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In this special edition of our newsletter we share some 2022 highlights and analysis of Labour Migration in Kenya and the plight of Kenyan Migrant Workers in the Middle East over the past year.

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In September 2022, the story of Diana Chepkemoi, a Kenyan migrant domestic worker in severe distress in Saudi Arabia gained extensive attention on social media platforms. As a result of this online traction, Diana was successfully repatriated back to Kenya surviving the horrific abuse and exploitation that she had suffered from her employers. Diana's story is emblematic of the Labour Migration discourse in Kenya during the past year. In 2022, we witnessed numerous coverage of distress stories from Kenyan Migrant Workers in the Middle East or from their relatives. Many of them followed the same patterns; they leave Kenya for greener pastures abroad, they arrive at their employer's home, employer becomes abusive, they contact their recruitment agency and find no help, they or their relative raise distress calls online; if they are fortunate they escape and end up in detention and subsequently get deported or in other worse cases, they lose contact with their kin who later find out their relative has passed away under unclear circumstances. Such is the story of Stella Nafula, Holiness Wawuda, Pauline Wachira, and Miriam Njeri who met a tragic end while employed abroad.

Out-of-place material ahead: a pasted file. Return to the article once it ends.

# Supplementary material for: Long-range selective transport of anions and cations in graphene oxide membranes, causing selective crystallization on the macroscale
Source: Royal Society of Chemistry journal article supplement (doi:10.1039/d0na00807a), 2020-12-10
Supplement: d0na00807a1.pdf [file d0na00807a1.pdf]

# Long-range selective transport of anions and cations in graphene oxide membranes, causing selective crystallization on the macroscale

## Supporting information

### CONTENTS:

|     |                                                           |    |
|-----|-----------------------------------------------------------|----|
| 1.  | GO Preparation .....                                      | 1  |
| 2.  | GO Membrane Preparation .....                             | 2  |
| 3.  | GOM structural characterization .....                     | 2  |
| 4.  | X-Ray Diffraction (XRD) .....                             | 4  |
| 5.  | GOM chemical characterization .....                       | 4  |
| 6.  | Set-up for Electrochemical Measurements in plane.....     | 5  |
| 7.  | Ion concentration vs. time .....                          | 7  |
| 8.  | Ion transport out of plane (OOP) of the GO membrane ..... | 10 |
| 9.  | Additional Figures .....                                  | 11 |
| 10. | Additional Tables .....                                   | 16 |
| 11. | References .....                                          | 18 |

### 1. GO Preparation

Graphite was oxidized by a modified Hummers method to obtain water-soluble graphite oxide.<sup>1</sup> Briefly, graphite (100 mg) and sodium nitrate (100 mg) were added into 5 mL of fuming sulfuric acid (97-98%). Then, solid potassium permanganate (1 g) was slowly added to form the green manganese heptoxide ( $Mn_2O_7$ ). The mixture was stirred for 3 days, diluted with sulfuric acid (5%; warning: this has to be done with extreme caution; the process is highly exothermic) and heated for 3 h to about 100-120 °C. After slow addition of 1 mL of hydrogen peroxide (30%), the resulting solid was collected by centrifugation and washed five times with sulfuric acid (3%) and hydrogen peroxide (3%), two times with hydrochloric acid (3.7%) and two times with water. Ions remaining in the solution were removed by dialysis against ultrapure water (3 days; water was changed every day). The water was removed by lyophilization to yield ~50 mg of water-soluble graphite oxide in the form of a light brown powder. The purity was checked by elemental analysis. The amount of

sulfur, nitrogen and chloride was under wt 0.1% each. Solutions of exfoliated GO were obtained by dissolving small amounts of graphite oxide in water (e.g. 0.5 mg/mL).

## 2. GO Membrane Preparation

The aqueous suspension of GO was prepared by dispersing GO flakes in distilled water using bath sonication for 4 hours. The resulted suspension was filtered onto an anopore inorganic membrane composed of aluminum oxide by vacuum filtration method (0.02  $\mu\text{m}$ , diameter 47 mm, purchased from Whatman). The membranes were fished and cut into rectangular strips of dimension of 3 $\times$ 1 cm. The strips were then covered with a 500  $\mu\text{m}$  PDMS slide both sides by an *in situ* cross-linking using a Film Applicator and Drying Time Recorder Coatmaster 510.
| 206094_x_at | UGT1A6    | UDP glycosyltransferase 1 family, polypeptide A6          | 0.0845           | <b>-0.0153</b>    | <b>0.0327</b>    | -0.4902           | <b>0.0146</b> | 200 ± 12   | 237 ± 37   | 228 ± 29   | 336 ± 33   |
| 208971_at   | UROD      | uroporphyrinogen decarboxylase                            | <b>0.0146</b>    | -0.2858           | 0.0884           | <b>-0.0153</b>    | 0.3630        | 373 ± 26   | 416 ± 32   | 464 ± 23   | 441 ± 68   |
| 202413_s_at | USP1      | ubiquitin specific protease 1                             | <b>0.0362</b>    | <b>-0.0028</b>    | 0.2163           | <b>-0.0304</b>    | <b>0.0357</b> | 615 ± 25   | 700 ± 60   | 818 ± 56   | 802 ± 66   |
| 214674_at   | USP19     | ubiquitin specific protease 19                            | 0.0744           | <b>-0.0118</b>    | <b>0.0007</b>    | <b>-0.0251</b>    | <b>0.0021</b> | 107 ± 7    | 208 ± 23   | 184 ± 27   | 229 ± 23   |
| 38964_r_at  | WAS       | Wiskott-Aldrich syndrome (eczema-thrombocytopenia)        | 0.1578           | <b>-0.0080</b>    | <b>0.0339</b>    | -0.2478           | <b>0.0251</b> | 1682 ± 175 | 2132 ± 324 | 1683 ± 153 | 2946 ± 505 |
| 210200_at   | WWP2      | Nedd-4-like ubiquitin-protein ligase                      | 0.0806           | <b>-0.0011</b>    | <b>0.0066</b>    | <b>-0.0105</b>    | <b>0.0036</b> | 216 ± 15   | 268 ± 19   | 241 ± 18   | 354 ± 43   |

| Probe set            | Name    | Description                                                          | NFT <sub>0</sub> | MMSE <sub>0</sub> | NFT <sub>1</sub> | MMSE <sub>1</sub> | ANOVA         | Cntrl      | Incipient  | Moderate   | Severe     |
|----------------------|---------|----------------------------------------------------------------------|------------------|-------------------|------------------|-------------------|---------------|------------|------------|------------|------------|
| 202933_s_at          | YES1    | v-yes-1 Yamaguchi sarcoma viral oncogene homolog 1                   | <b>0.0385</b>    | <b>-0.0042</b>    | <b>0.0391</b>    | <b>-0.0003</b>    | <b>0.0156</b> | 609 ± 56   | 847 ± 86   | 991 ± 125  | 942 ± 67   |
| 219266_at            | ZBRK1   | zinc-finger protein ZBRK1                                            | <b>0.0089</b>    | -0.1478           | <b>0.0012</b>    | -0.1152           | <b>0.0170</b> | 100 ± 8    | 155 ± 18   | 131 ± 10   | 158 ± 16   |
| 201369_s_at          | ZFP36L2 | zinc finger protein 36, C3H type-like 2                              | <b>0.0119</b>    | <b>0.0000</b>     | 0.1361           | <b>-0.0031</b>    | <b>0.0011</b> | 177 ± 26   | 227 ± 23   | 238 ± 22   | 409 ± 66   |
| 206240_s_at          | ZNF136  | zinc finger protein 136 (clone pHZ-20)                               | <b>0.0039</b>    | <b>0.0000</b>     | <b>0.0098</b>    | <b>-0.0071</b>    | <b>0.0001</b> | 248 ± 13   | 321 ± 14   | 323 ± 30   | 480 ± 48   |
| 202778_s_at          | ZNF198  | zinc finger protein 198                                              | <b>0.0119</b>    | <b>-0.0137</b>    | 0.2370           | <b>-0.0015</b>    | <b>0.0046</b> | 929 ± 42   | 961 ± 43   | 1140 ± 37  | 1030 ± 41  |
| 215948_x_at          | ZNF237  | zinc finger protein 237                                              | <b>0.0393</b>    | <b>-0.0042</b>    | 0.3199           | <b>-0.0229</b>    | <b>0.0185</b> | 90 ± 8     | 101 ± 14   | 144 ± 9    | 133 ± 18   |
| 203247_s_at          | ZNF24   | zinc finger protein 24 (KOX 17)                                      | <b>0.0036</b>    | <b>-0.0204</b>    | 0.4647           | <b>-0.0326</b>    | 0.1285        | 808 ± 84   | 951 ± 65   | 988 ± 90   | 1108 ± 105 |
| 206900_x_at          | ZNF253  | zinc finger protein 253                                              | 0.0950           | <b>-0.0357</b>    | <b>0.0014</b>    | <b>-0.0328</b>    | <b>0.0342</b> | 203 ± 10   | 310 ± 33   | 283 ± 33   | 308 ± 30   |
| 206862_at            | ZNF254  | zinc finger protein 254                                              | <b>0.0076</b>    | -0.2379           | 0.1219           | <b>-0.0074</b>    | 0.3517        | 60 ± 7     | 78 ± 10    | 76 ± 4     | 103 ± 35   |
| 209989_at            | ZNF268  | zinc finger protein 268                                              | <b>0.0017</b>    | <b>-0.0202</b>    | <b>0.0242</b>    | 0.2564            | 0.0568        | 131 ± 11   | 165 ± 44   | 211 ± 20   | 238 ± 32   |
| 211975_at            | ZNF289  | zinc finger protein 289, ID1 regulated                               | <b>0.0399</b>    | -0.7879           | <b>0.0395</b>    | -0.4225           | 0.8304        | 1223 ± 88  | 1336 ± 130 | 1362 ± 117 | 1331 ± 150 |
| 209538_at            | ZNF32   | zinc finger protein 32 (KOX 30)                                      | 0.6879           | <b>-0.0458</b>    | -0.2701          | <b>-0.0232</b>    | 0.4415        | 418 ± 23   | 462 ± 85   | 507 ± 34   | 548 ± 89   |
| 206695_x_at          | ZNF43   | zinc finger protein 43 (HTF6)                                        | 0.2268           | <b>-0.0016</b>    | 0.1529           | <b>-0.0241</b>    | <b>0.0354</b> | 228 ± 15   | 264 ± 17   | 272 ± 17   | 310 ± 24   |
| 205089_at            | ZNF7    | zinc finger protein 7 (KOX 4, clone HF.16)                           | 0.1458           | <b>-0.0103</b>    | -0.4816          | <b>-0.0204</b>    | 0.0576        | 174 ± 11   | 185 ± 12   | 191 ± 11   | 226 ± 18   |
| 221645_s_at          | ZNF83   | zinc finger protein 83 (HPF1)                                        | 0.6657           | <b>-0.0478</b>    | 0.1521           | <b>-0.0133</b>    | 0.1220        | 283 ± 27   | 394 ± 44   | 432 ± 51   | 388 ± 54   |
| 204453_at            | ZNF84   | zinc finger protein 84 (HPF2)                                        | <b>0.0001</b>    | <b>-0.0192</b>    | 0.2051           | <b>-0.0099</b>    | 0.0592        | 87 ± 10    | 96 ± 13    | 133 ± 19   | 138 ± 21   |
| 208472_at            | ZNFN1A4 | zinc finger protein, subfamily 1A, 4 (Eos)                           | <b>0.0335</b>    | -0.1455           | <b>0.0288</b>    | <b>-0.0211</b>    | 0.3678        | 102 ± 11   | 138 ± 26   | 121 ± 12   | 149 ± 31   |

Year after year, we are enraged and saddened by these stories but what is even more unfortunate is that inspite of this devastating trend, very few labour migration protection mechanisms have been implemented robustly to protect every Kenyan Migrant Worker abroad. In the past year, various branches of government have released reports on this isssue that largely state the same conclusions or recommend reforms and policy changes that are not followed through or strengthened once implemented. In June 2022, the Ministry of labour announced that KES 70 million had already been set aside to establish two safe houses for Kenyan Workers in distress in Saudi Arabia where numerous distress calls and unclear workers' deaths were reported. Besides a reiteration by the new Cabinet Secretary for Labour before the Senate in November, there has been no further update since this announcement. This is sadly a common pattern; over the past few years many reforms and recommendations have been put forward such as establishing a migrant welfare fund, passing the labour migration bill, strengthening NEA to deal with rogue recruitment agencies but robust implementation remains a huge barrier.